The underground tunnels in Safed are part of a 16th-century complex that was buried since the earthquake in 1837.
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The underground tunnels are located on Alkabets 17 Street in the old city of Safed.
Here is a map of the area with marked points of interest.
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Directions for public transport: Link to Moovit
Interactive map of the area:
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And here is the touristic map of Safed.
- You can enlarge the map by clicking on it.
- The underground tunnels are marked as #36 on the map above.
You can easily spot the entrance either by the big sign or the Lahuhe original – Yemenite food bar, located in front of the entrance.
And here is the site plan for the underground tunnels:
If you are interested in directions and parking, check out my guide to Safed.
The opening hours are:
Sunday – Thursday: 10:00 – 17:00
Friday: 10:00 – 13:00
- These are the opening hours of the information desk, which is located on-site. I guess the opening hours of the underground tunnels are the same.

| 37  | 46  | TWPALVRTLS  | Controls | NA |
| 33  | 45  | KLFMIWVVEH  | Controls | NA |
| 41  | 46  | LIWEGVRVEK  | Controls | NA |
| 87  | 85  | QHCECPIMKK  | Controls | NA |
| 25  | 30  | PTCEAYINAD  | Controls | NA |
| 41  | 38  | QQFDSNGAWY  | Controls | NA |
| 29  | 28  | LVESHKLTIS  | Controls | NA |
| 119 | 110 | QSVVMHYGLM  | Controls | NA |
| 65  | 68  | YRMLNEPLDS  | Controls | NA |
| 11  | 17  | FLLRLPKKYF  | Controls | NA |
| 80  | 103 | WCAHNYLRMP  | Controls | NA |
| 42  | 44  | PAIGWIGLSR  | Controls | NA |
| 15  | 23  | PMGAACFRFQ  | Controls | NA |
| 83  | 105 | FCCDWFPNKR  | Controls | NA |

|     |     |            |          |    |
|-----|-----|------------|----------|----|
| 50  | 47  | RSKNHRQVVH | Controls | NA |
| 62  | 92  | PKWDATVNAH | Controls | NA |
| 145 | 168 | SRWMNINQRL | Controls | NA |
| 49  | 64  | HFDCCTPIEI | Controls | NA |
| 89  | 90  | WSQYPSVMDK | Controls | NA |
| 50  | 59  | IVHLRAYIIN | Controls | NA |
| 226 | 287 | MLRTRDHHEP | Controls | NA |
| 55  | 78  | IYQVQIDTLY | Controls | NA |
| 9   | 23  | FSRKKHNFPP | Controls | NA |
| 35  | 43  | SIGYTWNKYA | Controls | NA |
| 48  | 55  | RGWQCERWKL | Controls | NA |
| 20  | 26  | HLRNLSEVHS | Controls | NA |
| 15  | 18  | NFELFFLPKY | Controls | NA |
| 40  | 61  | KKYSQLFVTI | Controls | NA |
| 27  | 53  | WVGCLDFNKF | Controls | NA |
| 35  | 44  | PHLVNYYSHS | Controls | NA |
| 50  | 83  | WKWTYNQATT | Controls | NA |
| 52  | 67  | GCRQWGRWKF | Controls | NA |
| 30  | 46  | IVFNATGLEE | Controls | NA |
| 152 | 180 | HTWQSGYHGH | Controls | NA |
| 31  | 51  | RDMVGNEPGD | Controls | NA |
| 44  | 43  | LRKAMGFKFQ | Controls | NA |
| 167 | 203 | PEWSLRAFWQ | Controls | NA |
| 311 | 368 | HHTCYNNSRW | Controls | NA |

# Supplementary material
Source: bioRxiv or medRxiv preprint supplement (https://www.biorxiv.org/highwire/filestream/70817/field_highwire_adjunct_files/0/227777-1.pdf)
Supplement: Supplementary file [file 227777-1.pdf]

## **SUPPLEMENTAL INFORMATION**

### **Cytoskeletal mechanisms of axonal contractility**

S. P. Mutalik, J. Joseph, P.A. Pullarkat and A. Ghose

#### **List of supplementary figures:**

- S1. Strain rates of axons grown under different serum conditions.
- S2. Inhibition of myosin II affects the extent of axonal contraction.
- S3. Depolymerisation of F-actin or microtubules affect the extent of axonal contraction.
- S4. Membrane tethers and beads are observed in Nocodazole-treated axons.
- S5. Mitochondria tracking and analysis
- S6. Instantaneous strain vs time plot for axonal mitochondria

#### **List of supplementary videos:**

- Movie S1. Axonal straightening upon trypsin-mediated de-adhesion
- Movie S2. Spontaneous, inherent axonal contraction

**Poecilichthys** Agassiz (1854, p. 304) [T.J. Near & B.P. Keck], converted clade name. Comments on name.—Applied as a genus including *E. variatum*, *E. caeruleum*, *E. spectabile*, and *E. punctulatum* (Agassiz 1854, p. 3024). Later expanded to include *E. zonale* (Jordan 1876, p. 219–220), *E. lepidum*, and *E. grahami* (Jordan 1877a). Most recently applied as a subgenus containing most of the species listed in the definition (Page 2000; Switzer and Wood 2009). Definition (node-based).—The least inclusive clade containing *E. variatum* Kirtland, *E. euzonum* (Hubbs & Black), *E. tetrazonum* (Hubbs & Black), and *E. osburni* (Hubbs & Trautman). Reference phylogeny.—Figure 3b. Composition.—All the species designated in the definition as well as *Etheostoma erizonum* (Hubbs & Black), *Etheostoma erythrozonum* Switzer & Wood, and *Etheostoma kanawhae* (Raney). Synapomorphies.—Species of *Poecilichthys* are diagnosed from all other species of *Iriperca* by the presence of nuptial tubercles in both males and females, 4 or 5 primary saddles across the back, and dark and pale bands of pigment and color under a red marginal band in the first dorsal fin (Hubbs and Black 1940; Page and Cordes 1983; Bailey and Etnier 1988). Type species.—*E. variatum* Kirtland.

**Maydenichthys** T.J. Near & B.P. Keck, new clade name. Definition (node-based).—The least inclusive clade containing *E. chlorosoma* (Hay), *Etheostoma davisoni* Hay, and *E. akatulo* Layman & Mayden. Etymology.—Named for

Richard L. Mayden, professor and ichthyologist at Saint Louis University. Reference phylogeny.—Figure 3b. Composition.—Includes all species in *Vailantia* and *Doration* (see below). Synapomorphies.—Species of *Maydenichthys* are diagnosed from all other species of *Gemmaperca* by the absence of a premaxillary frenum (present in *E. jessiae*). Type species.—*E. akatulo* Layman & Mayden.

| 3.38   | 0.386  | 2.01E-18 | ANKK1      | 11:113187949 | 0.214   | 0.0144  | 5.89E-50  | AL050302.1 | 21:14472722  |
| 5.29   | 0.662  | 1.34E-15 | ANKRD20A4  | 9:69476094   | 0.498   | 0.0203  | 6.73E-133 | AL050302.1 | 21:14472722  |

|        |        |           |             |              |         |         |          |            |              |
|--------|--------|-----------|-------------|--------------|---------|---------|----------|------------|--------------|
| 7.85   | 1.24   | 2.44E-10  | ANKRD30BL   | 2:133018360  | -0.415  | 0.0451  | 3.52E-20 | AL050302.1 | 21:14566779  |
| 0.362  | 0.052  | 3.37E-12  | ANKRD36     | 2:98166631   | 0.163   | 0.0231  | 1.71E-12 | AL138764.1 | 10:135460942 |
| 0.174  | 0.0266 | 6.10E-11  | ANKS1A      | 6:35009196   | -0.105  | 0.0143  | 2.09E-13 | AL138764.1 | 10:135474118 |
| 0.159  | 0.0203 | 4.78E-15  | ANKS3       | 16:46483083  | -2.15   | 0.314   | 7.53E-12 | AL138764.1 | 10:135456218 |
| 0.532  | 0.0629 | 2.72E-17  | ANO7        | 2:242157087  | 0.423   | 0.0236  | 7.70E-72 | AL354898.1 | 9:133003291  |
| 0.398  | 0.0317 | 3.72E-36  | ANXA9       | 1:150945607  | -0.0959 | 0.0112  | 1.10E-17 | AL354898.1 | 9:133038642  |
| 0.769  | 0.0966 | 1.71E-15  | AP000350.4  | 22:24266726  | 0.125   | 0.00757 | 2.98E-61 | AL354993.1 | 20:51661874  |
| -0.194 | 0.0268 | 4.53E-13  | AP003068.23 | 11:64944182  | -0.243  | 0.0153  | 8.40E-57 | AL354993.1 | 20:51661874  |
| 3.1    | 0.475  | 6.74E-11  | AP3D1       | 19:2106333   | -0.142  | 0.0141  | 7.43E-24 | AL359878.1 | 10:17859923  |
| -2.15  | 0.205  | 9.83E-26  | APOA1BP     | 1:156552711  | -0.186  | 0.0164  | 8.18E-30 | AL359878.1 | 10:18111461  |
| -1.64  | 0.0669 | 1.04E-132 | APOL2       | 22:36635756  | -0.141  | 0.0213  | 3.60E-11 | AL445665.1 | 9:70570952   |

- This site is managed by Livnot U’Lehibanot (livnot.org).
Phone: 1800-800-821, email: firstname.lastname@example.org
During our visit, the entrance fee was 10 NIS per person. Also, by purchasing the tickets, we received discounts on activities at “Beit HaKahal” later.
At the Underground Tunnels
The tunnels are part of 16th-century rooms and cisterns. Here is the relevant quote from the official site:
In later periods, Safed died out.
The most known reason is the earthquake that struck Safed in 1837. It wrecked the city. Also, events of the First World War led to years of poverty, starvation, disease, and deprivation. All these and other factors were a significant cause for some of the city’s magnificent buildings buried deep in the earth. Parts of the newer Old City were built on top of these buried buildings.
The tunnels you are visiting are the result of the exposure of ancient rooms and water cisterns dating back to the 16th century, which was covered underground for about 100 years. The tunnels connect to the ‘Beit Hakahal’ area – the remains of an ancient neighborhood from the 16th century.
Note: unless stated otherwise, all quotes were taken from the official site.
As you can see from the map, there are eleven points of interest, and six are in the first compound.
Ancient water cistern
We will not discuss all points of interest, but I want to mention the ancient water cistern. And that is because as we walked there, we saw running water. I find it amazing that something was built more than 400 years ago and was not maintained since, and nonetheless, it is still fully functioning.
Today, a national company provides us with water for our faucets, but in the past, every family needed to store their own rainwater.
For this purpose, the roofs of the houses were built on a slope so that the rainwater would spill into the gutters and from there along the Safed alleys, built on the slope of a mountain. The water drainage ended in reservoirs of water cisterns built next to almost every building and was used by the residents for drinking and bathing.